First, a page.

Well, my two favorite cities in Oregon were Portland and Ashland. I started out in Portland and ended up a little over a month later in Ashland, which is in southern Oregon.
When Bob and I finished our 32-day hike at Fish Lake, we got a cab to Medford, Oregon, and Bob paid for two rooms in the Holiday Inn Express. The next morning he flew home to Minnesota, and I decided I'd go to Ashland (I didn't want to skip Ashland, if I was already so close, like 15 miles away...) Bob so generously prepaid by phone for me to stay at a Holiday Inn Express in Ashland and gave me some cash, and I set off from Medford by bus. Well, I meant to go by bus. But near the bus stop was a grocery store, and I went in to buy a snack and ask which side of the street the bus will be on. A woman answered me, and as I was walking back to the stop, she was driving out of the parking lot with a man. They stopped and asked if I want a lift. The man said he was driving all the way to Ashland (but that he'll be dropping the woman off and then stopping at home first). I said sure, that's where I need to go, and got in and stuffed my backpack in next to me. The man dropped the woman off somewhere in Medford and then we continued on. We stopped in front of a small house and the man hopped out. "By the way," he said. "That's a loaded gun over there."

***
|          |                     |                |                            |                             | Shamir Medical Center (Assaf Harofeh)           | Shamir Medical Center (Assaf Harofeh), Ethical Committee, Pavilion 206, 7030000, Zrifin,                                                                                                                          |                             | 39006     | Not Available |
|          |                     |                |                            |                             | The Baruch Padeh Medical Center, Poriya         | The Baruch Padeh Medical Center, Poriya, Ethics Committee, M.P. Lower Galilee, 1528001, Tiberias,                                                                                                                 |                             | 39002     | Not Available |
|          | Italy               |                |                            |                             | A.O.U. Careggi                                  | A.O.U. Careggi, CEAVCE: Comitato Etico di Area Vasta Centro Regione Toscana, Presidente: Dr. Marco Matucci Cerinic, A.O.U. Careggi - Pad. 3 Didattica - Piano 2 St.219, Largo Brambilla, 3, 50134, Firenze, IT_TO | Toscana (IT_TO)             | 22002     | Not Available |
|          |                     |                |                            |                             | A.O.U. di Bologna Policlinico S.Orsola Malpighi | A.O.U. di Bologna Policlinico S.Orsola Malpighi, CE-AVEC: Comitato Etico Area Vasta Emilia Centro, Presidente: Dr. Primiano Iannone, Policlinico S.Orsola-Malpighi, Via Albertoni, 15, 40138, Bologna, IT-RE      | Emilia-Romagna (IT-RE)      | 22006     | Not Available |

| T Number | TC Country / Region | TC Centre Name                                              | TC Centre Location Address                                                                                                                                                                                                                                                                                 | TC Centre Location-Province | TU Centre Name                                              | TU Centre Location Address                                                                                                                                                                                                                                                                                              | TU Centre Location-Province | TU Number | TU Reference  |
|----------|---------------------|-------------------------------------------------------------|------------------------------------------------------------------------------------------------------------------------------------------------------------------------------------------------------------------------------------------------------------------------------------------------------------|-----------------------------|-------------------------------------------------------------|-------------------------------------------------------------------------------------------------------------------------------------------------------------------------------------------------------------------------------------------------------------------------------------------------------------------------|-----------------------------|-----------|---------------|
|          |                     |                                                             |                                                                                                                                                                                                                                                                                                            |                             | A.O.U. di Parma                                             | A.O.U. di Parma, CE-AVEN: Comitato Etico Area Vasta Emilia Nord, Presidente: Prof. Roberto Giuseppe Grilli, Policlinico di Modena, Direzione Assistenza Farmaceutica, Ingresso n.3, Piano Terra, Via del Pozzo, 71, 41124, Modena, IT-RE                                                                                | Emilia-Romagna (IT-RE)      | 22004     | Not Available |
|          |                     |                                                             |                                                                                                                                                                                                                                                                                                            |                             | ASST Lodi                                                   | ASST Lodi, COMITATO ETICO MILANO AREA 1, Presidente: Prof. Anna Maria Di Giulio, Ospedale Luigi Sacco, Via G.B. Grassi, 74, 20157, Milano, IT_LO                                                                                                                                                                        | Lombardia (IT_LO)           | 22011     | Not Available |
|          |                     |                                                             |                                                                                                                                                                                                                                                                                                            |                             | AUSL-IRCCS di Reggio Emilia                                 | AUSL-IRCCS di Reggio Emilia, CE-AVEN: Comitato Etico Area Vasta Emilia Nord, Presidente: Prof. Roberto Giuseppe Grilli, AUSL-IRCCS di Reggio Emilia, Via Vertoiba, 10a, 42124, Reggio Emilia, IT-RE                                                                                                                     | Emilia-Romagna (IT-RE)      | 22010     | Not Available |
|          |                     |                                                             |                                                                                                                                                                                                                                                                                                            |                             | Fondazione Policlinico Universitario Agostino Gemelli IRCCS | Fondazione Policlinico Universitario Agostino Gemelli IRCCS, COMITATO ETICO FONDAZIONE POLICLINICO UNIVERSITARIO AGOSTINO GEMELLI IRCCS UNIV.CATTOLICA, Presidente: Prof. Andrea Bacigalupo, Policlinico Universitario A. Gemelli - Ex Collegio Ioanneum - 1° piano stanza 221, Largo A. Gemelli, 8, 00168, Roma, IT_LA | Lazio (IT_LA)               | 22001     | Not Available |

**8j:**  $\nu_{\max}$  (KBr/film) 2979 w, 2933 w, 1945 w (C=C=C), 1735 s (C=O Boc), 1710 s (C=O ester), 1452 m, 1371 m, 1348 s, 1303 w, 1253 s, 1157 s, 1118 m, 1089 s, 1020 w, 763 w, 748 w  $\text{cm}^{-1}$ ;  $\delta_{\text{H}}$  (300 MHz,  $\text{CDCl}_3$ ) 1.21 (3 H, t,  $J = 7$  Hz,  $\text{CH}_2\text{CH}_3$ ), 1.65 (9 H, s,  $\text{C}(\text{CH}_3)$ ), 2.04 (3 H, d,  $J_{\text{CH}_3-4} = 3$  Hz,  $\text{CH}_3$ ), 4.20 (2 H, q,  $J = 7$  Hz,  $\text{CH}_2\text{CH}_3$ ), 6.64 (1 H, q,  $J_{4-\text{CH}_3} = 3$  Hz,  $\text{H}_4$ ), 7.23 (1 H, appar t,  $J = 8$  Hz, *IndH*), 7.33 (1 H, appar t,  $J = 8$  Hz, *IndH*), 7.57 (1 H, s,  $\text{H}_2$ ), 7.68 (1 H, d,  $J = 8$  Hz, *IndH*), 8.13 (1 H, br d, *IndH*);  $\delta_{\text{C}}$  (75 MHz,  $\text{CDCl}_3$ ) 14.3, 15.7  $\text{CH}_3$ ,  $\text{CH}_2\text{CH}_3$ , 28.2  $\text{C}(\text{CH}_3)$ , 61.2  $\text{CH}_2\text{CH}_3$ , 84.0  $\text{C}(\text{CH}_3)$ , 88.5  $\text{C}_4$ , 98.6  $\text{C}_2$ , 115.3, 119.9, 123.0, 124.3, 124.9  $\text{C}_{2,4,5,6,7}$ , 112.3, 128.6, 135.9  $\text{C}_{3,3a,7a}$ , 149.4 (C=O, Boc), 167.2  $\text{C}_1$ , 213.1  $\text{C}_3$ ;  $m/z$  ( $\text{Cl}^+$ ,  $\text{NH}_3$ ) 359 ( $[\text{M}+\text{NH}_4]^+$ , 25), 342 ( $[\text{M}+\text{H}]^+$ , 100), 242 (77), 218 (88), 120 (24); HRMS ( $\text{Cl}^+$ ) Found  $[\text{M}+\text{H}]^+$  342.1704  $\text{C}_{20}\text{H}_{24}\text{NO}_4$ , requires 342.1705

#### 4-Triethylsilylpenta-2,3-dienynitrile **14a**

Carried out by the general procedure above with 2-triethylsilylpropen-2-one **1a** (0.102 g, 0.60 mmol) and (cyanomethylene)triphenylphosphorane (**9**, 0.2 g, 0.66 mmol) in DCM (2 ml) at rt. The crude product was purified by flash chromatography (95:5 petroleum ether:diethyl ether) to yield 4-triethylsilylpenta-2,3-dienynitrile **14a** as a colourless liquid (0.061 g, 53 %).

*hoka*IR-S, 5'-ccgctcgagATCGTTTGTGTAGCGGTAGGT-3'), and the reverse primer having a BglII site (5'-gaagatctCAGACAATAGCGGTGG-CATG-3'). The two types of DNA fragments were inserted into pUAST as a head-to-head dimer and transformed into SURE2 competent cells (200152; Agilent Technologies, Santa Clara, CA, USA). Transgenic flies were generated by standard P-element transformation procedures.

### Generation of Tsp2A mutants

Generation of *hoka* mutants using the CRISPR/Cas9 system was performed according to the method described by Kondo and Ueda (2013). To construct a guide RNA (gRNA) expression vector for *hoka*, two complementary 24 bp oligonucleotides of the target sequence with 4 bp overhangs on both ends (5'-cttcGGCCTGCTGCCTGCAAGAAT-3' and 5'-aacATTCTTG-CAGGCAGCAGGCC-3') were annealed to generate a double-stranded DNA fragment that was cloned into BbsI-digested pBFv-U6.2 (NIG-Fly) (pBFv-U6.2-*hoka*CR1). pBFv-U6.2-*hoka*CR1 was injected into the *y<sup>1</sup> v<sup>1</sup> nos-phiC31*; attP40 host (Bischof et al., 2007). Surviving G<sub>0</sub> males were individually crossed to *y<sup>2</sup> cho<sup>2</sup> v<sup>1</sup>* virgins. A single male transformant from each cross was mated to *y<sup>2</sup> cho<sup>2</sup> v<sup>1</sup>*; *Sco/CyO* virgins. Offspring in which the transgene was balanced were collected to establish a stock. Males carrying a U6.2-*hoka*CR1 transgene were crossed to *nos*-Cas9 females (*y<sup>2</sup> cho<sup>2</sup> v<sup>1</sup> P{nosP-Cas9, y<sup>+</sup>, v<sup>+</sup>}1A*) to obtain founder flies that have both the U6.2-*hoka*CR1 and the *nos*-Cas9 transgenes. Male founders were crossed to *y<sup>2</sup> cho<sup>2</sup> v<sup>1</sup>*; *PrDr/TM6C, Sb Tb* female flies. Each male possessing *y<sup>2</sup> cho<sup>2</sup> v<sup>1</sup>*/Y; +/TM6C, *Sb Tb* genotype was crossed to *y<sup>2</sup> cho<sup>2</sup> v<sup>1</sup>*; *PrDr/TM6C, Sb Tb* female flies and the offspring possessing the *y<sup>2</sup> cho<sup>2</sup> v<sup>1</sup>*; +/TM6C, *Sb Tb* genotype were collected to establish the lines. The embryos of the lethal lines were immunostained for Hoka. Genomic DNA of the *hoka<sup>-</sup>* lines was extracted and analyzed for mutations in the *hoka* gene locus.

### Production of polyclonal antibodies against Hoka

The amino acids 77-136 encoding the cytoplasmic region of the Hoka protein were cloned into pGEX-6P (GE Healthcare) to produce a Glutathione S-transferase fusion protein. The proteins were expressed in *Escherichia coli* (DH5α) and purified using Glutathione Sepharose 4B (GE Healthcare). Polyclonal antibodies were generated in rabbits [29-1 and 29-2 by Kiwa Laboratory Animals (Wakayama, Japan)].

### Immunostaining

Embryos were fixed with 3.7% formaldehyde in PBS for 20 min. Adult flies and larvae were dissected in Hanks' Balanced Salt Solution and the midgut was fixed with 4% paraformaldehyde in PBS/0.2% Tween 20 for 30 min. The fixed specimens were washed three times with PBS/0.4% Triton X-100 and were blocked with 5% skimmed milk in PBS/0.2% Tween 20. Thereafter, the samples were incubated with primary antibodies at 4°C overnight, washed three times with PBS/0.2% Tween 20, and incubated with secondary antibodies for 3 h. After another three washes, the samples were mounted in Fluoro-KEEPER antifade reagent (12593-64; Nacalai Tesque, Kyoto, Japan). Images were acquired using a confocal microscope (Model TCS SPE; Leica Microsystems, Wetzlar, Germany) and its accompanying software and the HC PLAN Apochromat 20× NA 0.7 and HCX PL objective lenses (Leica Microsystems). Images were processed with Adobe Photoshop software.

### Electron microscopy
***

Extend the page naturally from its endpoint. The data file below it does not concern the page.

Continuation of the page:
Right next to me was a fucking loaded gun.
I wasn't scared, more flattered that he trusted me. I trusted him.
I wondered why the heck he thought he needed to go around with a loaded gun (I did ask him about that afterward. Seemed like he felt he wants to be able to "save the day" and shoot down a crazy gunman if one happens to show up somewhere).
My oh my.